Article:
Educators have engaged in record numbers in the 2020 presidential campaign and have made it clear they are ready to take this activism and organizing all the way to November.
After yesterday’s primaries in Arizona, Florida, and Illinois, Vice President Joe Biden has 1,180 delegates to Senator Bernie Sanders’ 885.
After much debate and careful consideration, NEA recently decided to endorse Biden in the Democratic primary based on his record of support for public education.
“This was a decision that we took very seriously. It came only after a two-and-a-half-hour debate among state affiliate presidents and NEA’s political action committee—as well as a five-hour debate with the NEA Board of Directors and Executive Committee,” says CEA President Jeff Leake. “It was a well thought out and debated decision.”
“Joe is the tireless advocate for public education and is the partner that students and educators need in the White House,” NEA President Lily Eskelsen García said. “He understands that we have a moral responsibility to provide a great neighborhood public school for every student in every ZIP code.”
Biden’s plan for public education, which he released last May, highlights the need to expand community schools, address racial injustice, fully fund IDEA, triple the funds for Title I schools, and invest in children starting from birth, including with the help of high-quality, universal pre-kindergarten. Biden’s outreach to educators has been led in part by his wife, Dr. Jill Biden, an educator and NEA member.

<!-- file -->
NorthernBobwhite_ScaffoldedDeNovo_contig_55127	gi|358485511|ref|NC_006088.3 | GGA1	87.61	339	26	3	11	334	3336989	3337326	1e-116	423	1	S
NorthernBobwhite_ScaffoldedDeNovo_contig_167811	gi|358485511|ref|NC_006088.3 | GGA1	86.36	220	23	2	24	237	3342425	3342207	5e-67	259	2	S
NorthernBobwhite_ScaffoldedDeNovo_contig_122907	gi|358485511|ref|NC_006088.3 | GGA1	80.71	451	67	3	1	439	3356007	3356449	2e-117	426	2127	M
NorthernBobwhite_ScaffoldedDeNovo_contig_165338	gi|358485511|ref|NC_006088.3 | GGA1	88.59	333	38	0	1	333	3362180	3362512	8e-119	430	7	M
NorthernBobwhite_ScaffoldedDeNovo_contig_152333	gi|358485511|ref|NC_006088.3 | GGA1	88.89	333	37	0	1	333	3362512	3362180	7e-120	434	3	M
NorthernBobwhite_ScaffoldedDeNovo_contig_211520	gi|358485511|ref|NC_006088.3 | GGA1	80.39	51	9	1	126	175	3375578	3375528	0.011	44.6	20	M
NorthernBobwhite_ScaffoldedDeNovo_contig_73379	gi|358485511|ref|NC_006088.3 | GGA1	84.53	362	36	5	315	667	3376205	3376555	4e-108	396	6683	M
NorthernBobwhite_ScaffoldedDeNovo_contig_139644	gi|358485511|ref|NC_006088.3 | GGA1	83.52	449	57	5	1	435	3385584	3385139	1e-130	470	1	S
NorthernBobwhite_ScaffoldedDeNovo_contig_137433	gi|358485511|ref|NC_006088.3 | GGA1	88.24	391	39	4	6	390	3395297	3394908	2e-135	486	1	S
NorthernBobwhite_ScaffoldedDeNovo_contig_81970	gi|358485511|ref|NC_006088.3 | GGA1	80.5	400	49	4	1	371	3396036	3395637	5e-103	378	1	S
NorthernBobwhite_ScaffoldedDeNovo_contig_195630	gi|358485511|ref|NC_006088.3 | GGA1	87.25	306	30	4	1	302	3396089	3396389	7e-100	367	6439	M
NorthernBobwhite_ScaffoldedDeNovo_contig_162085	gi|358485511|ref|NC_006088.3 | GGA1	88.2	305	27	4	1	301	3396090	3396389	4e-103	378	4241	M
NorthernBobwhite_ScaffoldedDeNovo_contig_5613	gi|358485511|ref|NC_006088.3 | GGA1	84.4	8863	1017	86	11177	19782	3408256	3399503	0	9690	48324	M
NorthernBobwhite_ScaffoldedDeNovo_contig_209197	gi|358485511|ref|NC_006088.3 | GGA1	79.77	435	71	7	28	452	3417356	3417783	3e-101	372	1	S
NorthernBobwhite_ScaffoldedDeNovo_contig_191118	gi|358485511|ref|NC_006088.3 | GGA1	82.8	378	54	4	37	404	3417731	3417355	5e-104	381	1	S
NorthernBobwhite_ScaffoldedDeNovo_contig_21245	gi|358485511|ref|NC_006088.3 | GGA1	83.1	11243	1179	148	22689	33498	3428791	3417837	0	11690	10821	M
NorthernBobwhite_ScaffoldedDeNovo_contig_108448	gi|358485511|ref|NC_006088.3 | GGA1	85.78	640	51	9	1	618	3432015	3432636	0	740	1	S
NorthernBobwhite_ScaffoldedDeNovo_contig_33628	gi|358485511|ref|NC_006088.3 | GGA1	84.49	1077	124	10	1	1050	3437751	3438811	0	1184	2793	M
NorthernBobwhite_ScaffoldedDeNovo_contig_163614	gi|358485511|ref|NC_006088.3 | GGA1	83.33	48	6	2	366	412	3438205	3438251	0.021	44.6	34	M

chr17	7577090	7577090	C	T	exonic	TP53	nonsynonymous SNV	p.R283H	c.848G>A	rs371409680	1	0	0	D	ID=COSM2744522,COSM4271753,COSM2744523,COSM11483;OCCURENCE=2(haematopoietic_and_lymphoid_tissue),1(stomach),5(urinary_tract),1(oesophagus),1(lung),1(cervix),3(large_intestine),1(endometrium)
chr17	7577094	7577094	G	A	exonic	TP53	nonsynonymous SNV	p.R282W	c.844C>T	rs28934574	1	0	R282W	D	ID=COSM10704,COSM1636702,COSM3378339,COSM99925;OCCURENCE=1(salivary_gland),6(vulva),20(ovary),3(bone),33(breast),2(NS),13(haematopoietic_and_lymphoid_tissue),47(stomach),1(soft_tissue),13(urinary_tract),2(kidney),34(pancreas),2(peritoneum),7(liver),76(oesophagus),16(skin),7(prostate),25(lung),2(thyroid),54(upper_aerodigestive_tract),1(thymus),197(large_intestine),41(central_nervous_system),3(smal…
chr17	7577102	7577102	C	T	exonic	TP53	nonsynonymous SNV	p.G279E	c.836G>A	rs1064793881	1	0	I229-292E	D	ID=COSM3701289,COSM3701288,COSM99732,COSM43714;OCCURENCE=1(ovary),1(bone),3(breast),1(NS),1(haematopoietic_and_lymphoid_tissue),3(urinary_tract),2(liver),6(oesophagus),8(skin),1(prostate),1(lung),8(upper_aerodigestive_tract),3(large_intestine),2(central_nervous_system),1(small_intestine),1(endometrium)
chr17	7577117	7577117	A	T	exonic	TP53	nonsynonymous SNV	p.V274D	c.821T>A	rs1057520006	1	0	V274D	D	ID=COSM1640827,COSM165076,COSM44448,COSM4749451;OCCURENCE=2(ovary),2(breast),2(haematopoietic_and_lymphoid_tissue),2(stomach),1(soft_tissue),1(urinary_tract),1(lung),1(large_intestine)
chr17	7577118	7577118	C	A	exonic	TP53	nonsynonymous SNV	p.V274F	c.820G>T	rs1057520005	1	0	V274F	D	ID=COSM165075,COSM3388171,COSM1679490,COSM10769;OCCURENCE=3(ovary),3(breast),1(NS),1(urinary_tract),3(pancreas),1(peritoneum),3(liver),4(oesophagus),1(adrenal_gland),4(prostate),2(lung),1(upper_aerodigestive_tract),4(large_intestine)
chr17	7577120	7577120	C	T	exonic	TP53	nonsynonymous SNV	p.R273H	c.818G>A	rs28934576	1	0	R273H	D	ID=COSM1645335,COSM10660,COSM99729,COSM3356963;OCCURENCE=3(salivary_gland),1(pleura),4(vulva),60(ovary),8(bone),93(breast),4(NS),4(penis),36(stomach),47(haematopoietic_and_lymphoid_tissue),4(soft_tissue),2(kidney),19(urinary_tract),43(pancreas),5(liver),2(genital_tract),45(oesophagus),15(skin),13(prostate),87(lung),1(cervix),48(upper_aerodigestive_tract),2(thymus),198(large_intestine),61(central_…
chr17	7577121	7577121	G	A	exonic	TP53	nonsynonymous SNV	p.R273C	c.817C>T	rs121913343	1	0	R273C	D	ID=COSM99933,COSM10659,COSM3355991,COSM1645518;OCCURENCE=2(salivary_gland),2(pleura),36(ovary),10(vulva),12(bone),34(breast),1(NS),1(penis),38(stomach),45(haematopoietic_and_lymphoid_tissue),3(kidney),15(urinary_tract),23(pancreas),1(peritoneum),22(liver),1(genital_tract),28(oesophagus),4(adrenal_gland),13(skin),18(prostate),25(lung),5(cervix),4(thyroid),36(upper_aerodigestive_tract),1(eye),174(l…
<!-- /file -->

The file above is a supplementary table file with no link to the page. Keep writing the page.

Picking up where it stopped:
“Biden is also committed to attracting and retaining the best educators by paying them as the professionals they are and increasing funding for support staff and paraprofessionals,” Eskelsen García added. “And he will fire Betsy DeVos and replace her with an Education Secretary who comes from a public school classroom and believes that educators must have a seat at the table when crafting education policy.”
Leake adds, “As educators, our profession is constantly shaped by political decisions. By getting involved in the 2020 election and making our voices heard we can help shape a better future for our students.”